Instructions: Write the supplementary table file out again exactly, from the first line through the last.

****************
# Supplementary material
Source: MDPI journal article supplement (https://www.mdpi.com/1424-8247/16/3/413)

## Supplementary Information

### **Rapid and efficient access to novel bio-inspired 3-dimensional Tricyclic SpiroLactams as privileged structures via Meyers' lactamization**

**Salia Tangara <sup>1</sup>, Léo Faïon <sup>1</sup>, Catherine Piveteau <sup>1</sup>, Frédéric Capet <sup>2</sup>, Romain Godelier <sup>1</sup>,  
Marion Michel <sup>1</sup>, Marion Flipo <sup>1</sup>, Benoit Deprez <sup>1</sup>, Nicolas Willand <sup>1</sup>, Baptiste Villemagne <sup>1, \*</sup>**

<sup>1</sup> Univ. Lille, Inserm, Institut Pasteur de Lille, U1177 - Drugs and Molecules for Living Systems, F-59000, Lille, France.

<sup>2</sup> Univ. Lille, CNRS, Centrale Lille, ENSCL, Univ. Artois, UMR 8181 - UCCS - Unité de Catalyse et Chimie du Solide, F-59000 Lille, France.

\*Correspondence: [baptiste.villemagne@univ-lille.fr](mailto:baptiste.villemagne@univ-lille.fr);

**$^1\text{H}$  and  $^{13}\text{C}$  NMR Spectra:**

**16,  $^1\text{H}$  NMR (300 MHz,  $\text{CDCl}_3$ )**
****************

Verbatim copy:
# Supplementary material
Source: MDPI journal article supplement (https://www.mdpi.com/1424-8247/16/3/413)

## Supplementary Information

### **Rapid and efficient access to novel bio-inspired 3-dimensional Tricyclic SpiroLactams as privileged structures via Meyers' lactamization**

**Salia Tangara <sup>1</sup>, Léo Faïon <sup>1</sup>, Catherine Piveteau <sup>1</sup>, Frédéric Capet <sup>2</sup>, Romain Godelier <sup>1</sup>,  
Marion Michel <sup>1</sup>, Marion Flipo <sup>1</sup>, Benoit Deprez <sup>1</sup>, Nicolas Willand <sup>1</sup>, Baptiste Villemagne <sup>1, \*</sup>**

<sup>1</sup> Univ. Lille, Inserm, Institut Pasteur de Lille, U1177 - Drugs and Molecules for Living Systems, F-59000, Lille, France.

<sup>2</sup> Univ. Lille, CNRS, Centrale Lille, ENSCL, Univ. Artois, UMR 8181 - UCCS - Unité de Catalyse et Chimie du Solide, F-59000 Lille, France.

\*Correspondence: [baptiste.villemagne@univ-lille.fr](mailto:baptiste.villemagne@univ-lille.fr);

**$^1\text{H}$  and  $^{13}\text{C}$  NMR Spectra:**

**16,  $^1\text{H}$  NMR (300 MHz,  $\text{CDCl}_3$ )**